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TypeScript: Making web programming fun again

In this blog post I will share a few thoughts on why I feel TypeScript is a very valuable addition to the JavaScript/web ecosystem, and some of my initial experiences and feelings around it.

Since this will be a bit long, here are some general notes on the structure of this post.

My personal journey

Background: Static and dynamic typing

I have spent many years programming both as a job and as a spare time interest, working both with statically typed languages (Pascal, C, C++, Java, C#) and with dynamically typed languages (Perl, PHP, Ruby, CoffeeScript/JavaScript, and even some Python lately). I used statically typed languages first, and then moved over to the dynamic world. It was an interesting move; at first, I was skeptical (like others) as to if I would really manage to write good programs without typing information embedded into the source code, and if the editing experience would be good enough. I was probably a bit scared of it, actually.

Then, gradually I started liking it quite a lot. Hey, even the intellisense/code completion (with the Atom editor) was sometimes even better with Ruby code than what C# with Visual Studio would have been able to offer. And the level of productivity was great! You could get things done, and it was fast and fun. You never had to wait for a recompile, you would just save your file and run your HTTP request and see the effect of your last change instantly. This experience is hard to beat really.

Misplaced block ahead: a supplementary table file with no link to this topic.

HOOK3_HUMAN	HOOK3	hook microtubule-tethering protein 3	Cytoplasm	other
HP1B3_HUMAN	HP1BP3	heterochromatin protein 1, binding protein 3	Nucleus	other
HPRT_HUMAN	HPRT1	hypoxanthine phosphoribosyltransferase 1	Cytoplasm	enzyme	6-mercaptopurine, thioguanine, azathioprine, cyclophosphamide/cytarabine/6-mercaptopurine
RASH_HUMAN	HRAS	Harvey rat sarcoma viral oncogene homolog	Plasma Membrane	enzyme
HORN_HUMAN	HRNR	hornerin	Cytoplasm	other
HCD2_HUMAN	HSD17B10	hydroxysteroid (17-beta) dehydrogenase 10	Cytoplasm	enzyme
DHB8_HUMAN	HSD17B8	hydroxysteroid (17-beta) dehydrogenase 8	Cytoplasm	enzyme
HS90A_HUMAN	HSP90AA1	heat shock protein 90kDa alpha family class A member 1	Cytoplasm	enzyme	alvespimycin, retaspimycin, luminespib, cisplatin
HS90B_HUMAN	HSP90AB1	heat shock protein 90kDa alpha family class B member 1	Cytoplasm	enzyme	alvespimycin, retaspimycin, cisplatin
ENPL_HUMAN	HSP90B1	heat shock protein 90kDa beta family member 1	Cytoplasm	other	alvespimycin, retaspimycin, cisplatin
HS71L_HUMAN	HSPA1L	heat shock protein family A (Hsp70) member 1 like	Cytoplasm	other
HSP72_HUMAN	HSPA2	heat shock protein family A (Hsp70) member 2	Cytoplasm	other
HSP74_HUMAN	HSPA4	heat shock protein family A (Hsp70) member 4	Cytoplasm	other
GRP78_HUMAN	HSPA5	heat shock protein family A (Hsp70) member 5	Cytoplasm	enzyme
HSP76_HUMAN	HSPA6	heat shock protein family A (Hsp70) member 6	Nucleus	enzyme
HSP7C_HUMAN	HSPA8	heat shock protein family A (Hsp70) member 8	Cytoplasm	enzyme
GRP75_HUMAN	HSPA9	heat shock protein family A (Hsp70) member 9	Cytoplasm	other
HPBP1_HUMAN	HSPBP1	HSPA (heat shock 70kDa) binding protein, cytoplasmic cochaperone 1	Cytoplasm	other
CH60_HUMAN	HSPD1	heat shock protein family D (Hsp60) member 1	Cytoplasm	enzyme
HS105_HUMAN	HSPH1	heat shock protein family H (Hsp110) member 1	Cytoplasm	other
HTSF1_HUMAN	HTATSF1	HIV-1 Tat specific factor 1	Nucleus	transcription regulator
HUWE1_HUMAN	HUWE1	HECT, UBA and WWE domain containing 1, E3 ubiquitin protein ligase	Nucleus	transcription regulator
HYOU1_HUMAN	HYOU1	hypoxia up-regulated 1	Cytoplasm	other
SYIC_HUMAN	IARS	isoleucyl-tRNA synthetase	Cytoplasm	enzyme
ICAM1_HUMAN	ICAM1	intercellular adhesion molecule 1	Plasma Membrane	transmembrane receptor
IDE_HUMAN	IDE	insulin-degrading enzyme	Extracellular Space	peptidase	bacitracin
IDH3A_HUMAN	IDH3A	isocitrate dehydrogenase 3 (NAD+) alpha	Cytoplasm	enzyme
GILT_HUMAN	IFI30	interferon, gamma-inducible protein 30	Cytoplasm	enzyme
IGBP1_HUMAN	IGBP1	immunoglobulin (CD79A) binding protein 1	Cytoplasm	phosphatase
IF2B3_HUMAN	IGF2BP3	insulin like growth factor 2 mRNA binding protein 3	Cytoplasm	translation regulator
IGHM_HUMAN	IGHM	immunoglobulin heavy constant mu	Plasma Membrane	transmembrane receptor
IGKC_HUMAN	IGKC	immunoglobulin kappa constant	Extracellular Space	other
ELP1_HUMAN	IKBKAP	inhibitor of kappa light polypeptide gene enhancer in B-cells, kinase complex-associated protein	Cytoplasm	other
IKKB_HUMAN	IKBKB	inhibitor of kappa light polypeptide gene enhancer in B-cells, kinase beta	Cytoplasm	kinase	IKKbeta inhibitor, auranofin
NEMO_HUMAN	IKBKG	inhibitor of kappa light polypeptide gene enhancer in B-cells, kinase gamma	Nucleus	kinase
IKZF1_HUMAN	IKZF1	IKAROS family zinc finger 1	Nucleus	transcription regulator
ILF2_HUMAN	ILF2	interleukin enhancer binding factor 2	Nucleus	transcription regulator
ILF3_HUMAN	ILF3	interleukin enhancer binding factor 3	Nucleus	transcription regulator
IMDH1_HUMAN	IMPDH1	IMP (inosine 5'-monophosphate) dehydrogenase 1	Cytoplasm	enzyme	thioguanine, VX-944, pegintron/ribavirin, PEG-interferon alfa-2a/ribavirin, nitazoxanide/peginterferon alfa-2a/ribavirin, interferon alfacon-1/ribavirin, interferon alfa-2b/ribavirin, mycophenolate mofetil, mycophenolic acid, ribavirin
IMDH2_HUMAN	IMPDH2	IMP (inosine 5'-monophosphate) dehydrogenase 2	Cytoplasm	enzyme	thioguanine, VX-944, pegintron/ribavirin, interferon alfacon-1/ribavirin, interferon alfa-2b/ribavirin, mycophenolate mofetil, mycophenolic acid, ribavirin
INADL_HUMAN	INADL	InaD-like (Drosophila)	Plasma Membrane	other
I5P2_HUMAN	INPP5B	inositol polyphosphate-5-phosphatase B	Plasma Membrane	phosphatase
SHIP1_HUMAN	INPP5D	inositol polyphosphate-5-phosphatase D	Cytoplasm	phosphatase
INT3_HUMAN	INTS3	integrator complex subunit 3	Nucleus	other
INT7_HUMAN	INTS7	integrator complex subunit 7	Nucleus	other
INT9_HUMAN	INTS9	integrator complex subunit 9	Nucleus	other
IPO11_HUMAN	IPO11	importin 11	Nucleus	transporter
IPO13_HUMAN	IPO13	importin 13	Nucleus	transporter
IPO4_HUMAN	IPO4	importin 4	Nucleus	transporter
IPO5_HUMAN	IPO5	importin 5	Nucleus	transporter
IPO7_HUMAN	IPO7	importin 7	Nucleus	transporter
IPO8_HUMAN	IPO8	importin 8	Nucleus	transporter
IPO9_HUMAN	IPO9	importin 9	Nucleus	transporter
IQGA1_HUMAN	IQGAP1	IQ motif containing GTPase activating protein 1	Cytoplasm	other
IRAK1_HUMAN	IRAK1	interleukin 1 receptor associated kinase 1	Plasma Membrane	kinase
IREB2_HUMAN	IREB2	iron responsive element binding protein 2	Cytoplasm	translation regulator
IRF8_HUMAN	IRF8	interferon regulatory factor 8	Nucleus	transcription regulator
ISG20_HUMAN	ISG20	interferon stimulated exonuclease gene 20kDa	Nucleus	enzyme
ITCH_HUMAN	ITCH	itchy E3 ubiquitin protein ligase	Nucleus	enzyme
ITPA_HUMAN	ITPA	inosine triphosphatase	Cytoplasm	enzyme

However, eventually I started having second thoughts. In larger projects, the lack of typing information started to become painful. The supposed "solution" to this was unit testing (and let me make one thing clear: this is not a post against the use of unit testing). However, the problem with this is that you don't always have full control over a project. It's not so easy to force everyone else to use unit testing, especially when they are unfamiliar with it, when they don't see the full value of it, and when the project budget/time schedule is so constrained that you can't really "squeeze it in" without running into other problems. To me, it is a fact that unit testing costs money, at least in the short term when not everybody are full blown TDD/BDD experts. Yes, you can save time on it, but it will also sometimes take time.

This leads me to my conclusion: you can somehow evade the voice saying "cover your code with tests", but you cannot for any reason evade the voice saying "compilation failed". :laughing: From my perspective, in real-world scenarios, the compiler wins; there's no way you can "cheat" your way around it. You have to make your code pass through the compiler!

There is also another huge win with statically typed languages: they give you a way to express the type information you likely already have in your head anyway. In many, many cases you already know that a parameter coming in to your function has a particular type. The method won't really work unless it is given the correct types anyway. But this information that you have in your head, that the name parameter is of type String, cannot really be stored in the program source code in a purely dynamic language. The dynamic language in fact forces you to throw away this information, which would otherwise serve as very useful documentation both to yourself and others when reading the code at a later stage.